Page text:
We conducted a retrospective cohort study building upon the ORCI study just described. We compared characteristics of women referred for treatment who followed up to those lost to follow-up, of women who completed treatment to those who did not, and the cancer stage of screened and unscreened women who sought treatment. We hypothesized age, disease stage, distance from treatment facilities, socioeconomic status, and reproductive factors would influence follow-up from screening to treatment and treatment completion. We also hypothesized women who attended the screening clinic would be more likely to be diagnosed with stage 1 disease than unscreened women.
This retrospective cohort study was based on medical records from the ORCI cervical cancer screening clinic and the ORCI cancer treatment clinic (Figure 1), the only specialized cancer treatment center in Tanzania.
Screening and referral populations
Each visit at the ORCI screening clinic is documented with a standardized paper reporting form and includes a screening clinic serial number, interview date, name, age, place of residence (municipality, district, or region), occupation, education, marital status, last menstrual period, age at marriage, gravidity, and screening clinic visit results. These forms were routinely entered into an EpiInfo database by ORCI staff, representing visits completed from the initiation of the screening program in November 2002 to June 2011 (n = 20,131). Only a couple of patients attended more than once during this period, so each form represents a unique person.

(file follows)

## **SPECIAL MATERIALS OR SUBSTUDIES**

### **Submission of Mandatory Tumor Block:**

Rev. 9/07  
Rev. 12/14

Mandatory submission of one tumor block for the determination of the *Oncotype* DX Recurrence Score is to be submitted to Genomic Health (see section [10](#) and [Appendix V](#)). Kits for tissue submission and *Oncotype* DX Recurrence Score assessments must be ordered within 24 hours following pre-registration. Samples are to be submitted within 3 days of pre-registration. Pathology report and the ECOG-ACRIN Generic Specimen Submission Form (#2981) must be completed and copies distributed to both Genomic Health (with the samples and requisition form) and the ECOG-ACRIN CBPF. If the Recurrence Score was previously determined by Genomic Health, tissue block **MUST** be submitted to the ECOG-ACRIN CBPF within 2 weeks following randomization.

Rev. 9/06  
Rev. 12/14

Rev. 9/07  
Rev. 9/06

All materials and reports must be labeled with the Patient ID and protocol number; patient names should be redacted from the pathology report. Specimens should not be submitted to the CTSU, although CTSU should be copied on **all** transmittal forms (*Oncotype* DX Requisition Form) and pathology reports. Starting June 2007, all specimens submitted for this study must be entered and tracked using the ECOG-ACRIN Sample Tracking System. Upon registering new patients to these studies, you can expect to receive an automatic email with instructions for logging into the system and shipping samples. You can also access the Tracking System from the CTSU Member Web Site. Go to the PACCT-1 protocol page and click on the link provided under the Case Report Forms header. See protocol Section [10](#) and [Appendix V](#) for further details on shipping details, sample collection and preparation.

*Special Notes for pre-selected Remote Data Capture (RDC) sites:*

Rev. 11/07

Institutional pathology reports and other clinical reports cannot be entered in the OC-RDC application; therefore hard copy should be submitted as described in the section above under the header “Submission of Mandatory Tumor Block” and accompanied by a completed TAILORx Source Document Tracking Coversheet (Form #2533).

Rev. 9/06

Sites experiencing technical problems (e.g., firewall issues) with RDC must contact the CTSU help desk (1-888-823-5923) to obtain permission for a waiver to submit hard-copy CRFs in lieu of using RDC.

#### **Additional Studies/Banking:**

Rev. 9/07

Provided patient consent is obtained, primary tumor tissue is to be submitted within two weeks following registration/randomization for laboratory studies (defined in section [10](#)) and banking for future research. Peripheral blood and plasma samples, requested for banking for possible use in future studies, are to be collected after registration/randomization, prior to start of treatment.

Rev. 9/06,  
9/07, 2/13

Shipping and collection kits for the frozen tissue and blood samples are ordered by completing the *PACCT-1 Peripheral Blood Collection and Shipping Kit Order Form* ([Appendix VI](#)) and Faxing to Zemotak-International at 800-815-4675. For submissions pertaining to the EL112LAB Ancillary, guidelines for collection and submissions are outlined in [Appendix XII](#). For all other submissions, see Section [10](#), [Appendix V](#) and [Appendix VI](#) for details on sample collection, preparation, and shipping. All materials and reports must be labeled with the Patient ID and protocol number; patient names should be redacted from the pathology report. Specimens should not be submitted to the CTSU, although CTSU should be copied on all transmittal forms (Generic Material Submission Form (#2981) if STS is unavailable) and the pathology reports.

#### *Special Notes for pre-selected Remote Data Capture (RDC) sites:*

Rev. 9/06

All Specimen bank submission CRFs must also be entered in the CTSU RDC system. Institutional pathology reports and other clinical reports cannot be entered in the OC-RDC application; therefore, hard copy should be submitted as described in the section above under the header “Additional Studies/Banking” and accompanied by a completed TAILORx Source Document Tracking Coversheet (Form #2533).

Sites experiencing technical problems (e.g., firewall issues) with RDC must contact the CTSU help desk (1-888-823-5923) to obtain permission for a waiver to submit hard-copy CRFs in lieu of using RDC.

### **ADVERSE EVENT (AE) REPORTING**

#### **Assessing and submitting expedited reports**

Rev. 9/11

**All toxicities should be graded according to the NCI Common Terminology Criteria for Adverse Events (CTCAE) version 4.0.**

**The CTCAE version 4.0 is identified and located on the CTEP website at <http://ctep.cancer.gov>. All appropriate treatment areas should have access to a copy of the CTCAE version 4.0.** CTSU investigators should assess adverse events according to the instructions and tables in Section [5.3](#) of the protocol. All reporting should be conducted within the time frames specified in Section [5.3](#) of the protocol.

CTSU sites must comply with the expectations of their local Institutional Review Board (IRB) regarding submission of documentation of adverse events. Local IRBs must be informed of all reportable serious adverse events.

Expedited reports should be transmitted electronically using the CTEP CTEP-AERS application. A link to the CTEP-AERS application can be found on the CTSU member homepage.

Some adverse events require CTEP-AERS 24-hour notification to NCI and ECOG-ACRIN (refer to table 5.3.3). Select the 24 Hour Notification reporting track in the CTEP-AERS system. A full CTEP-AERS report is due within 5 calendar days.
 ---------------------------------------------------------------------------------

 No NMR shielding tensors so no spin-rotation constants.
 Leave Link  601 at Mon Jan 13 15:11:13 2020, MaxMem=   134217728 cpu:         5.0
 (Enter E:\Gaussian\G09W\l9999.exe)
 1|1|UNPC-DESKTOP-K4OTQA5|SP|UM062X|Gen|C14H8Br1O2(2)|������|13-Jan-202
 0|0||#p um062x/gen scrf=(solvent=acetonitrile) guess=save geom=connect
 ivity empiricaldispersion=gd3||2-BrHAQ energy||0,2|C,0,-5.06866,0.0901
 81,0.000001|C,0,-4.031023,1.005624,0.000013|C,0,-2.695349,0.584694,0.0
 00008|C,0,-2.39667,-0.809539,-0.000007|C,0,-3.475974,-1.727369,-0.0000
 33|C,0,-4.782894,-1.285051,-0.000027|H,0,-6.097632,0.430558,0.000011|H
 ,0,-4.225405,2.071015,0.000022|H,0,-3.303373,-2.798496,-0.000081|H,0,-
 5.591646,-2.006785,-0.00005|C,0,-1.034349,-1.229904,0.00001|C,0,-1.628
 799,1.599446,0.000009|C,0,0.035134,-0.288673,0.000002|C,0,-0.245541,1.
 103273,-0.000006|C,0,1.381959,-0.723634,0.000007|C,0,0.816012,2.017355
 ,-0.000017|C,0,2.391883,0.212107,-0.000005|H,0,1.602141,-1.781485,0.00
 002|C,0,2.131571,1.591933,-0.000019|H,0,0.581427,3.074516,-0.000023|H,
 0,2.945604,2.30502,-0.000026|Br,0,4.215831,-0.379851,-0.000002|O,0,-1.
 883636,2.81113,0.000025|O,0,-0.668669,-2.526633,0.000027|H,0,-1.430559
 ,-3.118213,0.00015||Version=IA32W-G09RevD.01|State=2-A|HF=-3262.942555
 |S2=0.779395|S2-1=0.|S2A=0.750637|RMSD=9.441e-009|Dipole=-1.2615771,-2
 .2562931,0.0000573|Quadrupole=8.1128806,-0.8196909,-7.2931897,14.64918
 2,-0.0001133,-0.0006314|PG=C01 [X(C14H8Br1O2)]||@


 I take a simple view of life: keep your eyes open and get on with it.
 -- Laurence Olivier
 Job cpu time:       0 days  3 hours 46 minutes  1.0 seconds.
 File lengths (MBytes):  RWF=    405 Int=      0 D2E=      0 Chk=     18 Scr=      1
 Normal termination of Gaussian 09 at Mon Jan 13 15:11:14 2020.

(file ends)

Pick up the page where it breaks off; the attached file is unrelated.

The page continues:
Since not all histopathology results had been entered into this database, especially in later years, we digitized the histopathology results from biopsy log books covering the periods March 2005 to October 2011 and merged them with the screening clinic database. The log book covering November 2002 to March 2005 was not available, but it appeared histopathology results from this time period had already been entered in the EpiInfo database. Of 1,001 results in these books, 788 were matched with the screening clinic database after eliminating duplicates, non-cervix biopsies, and results from outreach screening programs not conducted at ORCI.
The subset of women likely referred for treatment of invasive disease was identified and constitutes the referral population. As referrals from ORCI screening to treatment are not formally tracked, we developed a case definition to infer who was referred based on screening results and biopsy records. At ORCI, the screening clinic continues to operate under the protocols used in the original VIA screening study described above. Therefore, most women screened by VIA also undergo colposcopy, and most women with abnormal colposcopy findings are also biopsied for histopathology. A woman was considered referred (n = 980) if she was in the screening clinic database and had listed a final diagnosis of invasive cancer, a stage of invasive disease, a histopathology result of invasive cancer, or a colposcopy diagnosis of invasive cancer (unless contradicted by a histopathology result). While histopathology is the gold standard for diagnosis, not all patients with clinically obvious cancer receive a biopsy and not all biopsies are expeditiously processed, so we could not rely on histopathology alone to determine who was referred.